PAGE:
Can Sri Lankan media regain its freedom?
Sri Lanka's uneasy peace after ending a 25-year-old civil insurgency and brutally crushing the separatist group LTTE (Liberation Tigers of Tamil Elam) earlier this year, is being put to a new test by its fettered media. As we had discussed earlier, the Sri Lankan government had completely shut out the media and aid agencies from covering the war-ravaged north and east.
Several journalists have been killed over the past couple years, the most chilling one being that of Lasantha Wickrematunge, who, anticipating his own death for criticizing the government, is reported to have written his "final ed" before he was shot dead. Many journalists are reported to be fleeing the country.
But now that the war is over, isn't it time for some free speech and free flow of information?
It's not that simple. As many feared, Sri Lanka's success against the LTTE may make its government even more authoritarian. The latest action against a journalist that drew international attention was the sentencing by a high court of Tamil journalist J. S. Tissainayagam to a 20-year rigorous imprisonment under the country's strict anti-terror laws. He has been accused of writing divisive stories and accepting funds and other services from the Tamil Tigers. He was arrested in 2008 and is likely to appeal the verdict.
His sentence is drawing widespread criticism. As a New York Times article reports:
[R]ights advocates say that Mr. Tissainayagam’s sentence reflects the plight of Sri Lanka’s embattled press corps. At least seven journalists have been killed since 2007, including some singled out by the Tamil Tigers. Many more have fled the country.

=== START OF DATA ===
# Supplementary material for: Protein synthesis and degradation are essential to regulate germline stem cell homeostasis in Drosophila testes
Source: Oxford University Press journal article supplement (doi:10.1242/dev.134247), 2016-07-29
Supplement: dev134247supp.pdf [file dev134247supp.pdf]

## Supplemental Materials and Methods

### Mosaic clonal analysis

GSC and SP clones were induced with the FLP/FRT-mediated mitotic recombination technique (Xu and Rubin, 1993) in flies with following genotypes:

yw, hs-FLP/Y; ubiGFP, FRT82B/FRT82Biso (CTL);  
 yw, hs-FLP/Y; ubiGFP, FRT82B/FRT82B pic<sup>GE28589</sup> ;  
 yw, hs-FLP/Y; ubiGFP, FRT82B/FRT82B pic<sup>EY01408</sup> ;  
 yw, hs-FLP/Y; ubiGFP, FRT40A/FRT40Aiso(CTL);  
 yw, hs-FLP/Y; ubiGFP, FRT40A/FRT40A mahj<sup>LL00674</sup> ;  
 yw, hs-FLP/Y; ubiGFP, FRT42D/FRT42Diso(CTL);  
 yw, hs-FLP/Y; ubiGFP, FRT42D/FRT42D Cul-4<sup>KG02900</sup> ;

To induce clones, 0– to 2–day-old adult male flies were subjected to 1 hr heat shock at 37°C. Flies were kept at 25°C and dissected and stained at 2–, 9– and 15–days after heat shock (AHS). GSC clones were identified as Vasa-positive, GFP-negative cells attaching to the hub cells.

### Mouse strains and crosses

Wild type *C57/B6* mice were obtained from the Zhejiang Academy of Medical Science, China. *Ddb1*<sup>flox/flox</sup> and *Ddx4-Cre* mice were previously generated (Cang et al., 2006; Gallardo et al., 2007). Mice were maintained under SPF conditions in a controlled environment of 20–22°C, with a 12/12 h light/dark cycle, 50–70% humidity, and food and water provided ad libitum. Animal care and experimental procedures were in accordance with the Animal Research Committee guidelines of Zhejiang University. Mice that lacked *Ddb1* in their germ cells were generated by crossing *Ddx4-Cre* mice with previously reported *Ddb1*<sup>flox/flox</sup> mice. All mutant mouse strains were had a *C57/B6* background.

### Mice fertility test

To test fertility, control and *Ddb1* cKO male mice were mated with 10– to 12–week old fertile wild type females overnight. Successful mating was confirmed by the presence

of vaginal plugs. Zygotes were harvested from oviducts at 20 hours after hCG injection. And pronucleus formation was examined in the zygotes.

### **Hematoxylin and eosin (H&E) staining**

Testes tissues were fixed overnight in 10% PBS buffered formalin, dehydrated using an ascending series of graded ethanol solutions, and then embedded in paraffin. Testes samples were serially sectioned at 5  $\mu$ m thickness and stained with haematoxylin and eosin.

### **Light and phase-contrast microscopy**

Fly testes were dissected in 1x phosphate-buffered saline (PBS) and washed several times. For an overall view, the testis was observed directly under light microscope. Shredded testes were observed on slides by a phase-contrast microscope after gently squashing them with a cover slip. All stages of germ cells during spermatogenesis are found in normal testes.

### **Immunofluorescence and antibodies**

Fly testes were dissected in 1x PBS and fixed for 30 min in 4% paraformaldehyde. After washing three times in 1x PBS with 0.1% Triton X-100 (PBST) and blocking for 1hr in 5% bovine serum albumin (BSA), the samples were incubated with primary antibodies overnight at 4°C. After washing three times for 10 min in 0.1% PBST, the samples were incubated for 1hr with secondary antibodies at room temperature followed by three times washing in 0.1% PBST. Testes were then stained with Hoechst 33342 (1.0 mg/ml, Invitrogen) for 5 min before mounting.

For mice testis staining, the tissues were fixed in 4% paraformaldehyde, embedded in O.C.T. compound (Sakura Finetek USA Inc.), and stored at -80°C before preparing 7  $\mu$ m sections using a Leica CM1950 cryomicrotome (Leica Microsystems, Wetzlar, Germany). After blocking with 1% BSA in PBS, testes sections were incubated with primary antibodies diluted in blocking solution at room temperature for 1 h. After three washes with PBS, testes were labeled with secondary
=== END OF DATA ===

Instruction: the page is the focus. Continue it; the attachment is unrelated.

“It is very serious blow,” said Sanjana Hattotuwa, editor of Groundviews, a citizen journalism Web site. “It sends a chilling message that the independent expression of opinion is no longer tolerated in Sri Lanka.”
"The South-Asian community as well as large sections of the international community has allowed themselves to be deluded by what one would call a willing suspension of disbelief as to how an allegedly democratically re-elected government has gone a path of a very authoritarian way to deal with all kinds of descent."
It may seem like a clear-cut case of repression, but Sri Lanka is in a curiously complicated situation. It has just ended a decades-old bloody civil strife. A majority of its citizens are probably relieved at the end of hostilities. It should come as no surprise that the government that finally gave them that peace -- no matter at what cost -- should be topping all popularity charts.
But what has the media got to do with popularity? Were they expected to take sides? Yes, pretty much.
The war zone is all but off-limits to the media, one of the many security measures imposed by a government with little tolerance for dissent. "I ask this of all political parties, all media and all people's organizations," Rajapaksa said in a speech in 2006. "You decide whether you should be with a handful of terrorists or with the common man ... You must clearly choose between these two sides."
I asked a friend of mine who has been working as a journalist in Sri Lanka for a long time if the government was prosecuting Tamil journalists more. The friend (who is not Tamil) said no, but noted that the war had pushed journalists to pick sides. He/she said reporting in general was difficult and a public opinion had built up that either you support the war effort or you are an enemy, so independent reporting was seen as not supporting the war effort.